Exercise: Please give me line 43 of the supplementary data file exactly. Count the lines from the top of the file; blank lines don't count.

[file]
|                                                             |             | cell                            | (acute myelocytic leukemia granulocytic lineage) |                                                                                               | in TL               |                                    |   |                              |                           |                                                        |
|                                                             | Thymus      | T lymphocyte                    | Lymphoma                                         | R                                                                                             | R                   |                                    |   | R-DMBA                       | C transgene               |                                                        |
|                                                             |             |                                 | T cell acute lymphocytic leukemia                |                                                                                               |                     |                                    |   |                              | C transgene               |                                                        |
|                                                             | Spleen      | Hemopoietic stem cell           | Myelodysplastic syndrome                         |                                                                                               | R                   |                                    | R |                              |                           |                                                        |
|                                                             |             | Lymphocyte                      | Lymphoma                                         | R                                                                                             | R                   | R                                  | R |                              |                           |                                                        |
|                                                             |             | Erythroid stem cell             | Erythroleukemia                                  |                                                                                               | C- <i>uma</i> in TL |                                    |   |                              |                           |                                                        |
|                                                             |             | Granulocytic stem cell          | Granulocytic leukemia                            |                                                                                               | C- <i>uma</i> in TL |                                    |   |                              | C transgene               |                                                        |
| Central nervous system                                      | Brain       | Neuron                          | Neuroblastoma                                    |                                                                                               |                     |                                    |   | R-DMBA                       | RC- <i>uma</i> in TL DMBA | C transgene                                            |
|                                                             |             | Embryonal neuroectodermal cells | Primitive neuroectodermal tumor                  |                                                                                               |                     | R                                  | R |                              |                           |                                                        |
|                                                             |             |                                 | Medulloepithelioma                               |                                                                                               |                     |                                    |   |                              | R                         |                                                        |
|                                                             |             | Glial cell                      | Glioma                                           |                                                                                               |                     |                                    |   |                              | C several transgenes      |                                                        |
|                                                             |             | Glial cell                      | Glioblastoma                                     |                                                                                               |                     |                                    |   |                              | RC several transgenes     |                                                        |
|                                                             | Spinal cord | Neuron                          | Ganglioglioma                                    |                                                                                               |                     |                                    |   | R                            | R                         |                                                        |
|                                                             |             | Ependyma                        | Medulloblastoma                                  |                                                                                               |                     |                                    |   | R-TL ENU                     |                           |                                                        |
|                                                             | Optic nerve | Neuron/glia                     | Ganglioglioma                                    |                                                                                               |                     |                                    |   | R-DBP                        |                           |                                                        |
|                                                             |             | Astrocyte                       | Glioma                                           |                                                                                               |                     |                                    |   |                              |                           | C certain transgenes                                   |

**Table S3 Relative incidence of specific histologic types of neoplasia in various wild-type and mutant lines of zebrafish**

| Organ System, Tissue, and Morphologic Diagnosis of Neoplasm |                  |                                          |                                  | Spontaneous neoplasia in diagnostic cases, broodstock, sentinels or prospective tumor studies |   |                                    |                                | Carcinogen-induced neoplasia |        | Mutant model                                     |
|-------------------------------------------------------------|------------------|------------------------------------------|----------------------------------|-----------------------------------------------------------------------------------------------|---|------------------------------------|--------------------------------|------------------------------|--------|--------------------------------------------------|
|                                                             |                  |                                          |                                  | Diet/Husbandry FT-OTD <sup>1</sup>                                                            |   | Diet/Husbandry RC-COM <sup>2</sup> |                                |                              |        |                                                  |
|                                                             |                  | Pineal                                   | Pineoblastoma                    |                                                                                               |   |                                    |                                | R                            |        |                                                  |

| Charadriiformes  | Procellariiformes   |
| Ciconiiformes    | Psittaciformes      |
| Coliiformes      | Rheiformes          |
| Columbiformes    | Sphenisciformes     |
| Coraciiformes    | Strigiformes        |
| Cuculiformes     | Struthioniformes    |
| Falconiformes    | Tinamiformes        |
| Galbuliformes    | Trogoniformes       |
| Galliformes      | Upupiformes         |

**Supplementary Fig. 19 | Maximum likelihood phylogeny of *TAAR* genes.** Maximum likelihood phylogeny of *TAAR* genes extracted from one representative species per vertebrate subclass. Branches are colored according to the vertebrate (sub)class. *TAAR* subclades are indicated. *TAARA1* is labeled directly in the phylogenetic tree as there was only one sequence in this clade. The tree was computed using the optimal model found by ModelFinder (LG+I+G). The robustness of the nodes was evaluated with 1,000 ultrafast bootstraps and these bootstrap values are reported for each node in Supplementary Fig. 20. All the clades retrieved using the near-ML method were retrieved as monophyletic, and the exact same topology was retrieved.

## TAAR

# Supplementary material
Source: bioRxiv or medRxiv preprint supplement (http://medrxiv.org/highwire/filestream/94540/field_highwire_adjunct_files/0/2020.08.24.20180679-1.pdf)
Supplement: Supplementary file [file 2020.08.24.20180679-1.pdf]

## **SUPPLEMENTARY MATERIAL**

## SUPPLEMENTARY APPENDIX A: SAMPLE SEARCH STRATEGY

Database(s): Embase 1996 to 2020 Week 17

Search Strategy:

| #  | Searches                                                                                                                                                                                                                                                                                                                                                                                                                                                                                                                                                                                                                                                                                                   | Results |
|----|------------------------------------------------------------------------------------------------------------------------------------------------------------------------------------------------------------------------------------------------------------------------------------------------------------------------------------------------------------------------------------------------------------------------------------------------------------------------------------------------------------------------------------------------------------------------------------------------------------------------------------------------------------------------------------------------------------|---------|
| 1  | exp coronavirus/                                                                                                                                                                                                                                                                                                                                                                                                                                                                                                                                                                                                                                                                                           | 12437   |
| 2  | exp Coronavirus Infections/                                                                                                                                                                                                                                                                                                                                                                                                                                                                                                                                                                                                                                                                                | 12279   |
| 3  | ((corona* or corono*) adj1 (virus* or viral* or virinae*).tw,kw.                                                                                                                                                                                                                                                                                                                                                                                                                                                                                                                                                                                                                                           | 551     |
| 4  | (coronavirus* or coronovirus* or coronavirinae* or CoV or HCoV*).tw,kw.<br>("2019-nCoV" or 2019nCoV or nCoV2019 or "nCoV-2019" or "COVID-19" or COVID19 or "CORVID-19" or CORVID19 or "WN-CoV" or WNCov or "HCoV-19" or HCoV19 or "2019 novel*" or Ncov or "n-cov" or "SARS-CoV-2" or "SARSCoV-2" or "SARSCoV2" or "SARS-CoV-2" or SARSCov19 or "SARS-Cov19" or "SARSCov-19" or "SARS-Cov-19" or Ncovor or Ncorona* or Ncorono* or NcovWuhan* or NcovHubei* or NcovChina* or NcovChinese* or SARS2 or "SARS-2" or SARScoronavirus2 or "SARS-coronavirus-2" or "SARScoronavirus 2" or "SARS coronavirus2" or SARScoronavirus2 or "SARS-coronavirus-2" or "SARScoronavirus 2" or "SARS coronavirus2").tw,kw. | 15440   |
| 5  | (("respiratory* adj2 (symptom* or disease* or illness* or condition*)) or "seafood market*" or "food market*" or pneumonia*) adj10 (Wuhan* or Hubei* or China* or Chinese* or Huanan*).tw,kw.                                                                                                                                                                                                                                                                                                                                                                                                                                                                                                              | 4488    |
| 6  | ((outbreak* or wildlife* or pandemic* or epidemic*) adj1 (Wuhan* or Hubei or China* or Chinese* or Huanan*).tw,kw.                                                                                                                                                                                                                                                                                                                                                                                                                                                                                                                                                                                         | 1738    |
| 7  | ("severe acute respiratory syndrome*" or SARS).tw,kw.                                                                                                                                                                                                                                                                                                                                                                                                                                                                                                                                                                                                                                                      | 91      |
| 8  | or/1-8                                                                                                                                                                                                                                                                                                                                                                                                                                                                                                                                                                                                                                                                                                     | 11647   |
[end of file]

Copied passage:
| 2  | exp Coronavirus Infections/                                                                                                                                                                                                                                                                                                                                                                                                                                                                                                                                                                                                                                                                                | 12279   |